What can you do? Vary your diet more to enjoy the full range of what’s available in terms of breads and grains, and get into beans and other pulses such as lentils to encourage the growth of different types of plant protein such as beans, peas and soya, all foods that play a part in a healthy diet.
Bananas: UK’s most popular fruit at risk from disease?
We each eat on average 100 bananas a year, but the world’s export market is based on just one species, the Cavendish banana. This is suffering, increasingly, from the devastating Panama fungal disease.
We’ve been here before. The Gros Michel or ‘Big Mike’ banana used to be the commercial mainstay – apparently it tasted more ‘banana-ery’ and a bit like banana milkshake – but this was wiped out by the same disease in the 1950s. The deadly fungus is still here, now spreading to wild bananas, and it also affects another staple food, plantain.
The solution could lie in Kew’s Millennium Seed Bank, the world’s largest collection of wild seeds. That’s because Kew’s partners in Vietnam and Malaysia have been collecting seeds from some of the world’s 80 wild banana species, which are kept in the seed bank and sent to plant breeders to develop new more disease-resistant varieties.
“All the foods we eat have been domesticated and grown for yield, size, shape and colour, but by doing that you’ve taken out some of the important traits that allow plants to respond to climatic changes and other stresses”, explains Dr Chris Cockel of Kew’s Adapting Agriculture to Climate Change Project. “The wild relatives of our domesticated crops are out there surviving without pampering and have more resilience.”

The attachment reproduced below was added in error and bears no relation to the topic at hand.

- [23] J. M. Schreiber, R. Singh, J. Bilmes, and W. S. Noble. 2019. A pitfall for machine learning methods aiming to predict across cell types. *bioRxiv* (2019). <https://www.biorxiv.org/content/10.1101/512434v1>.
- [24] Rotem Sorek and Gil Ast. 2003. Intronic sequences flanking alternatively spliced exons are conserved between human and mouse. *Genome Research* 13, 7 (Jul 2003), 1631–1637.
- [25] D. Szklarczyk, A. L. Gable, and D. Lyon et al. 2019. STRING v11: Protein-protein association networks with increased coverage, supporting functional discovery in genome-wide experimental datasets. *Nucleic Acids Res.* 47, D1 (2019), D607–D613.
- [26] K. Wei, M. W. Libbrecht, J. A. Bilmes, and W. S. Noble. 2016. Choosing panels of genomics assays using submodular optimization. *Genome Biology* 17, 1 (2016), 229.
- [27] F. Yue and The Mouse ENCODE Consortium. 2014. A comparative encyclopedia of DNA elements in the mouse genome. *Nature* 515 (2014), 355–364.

What can you do? One of the issues of modern food is that we rely on too few types and varieties, not least when it comes to fruit and our love of bananas. The UK has the right climate to grow excellent apples and pears, for example, with different kinds available if you look out for them, and even out of season there are plenty of frozen berries that have been picked at their peak and are often good value for money.
Bees may be small, but their importance to our plate is big. One in three of our food plants relies on pollination by insects to reproduce, according to the Food and Agricultural Organisation of the United Nations, and bees play a key part.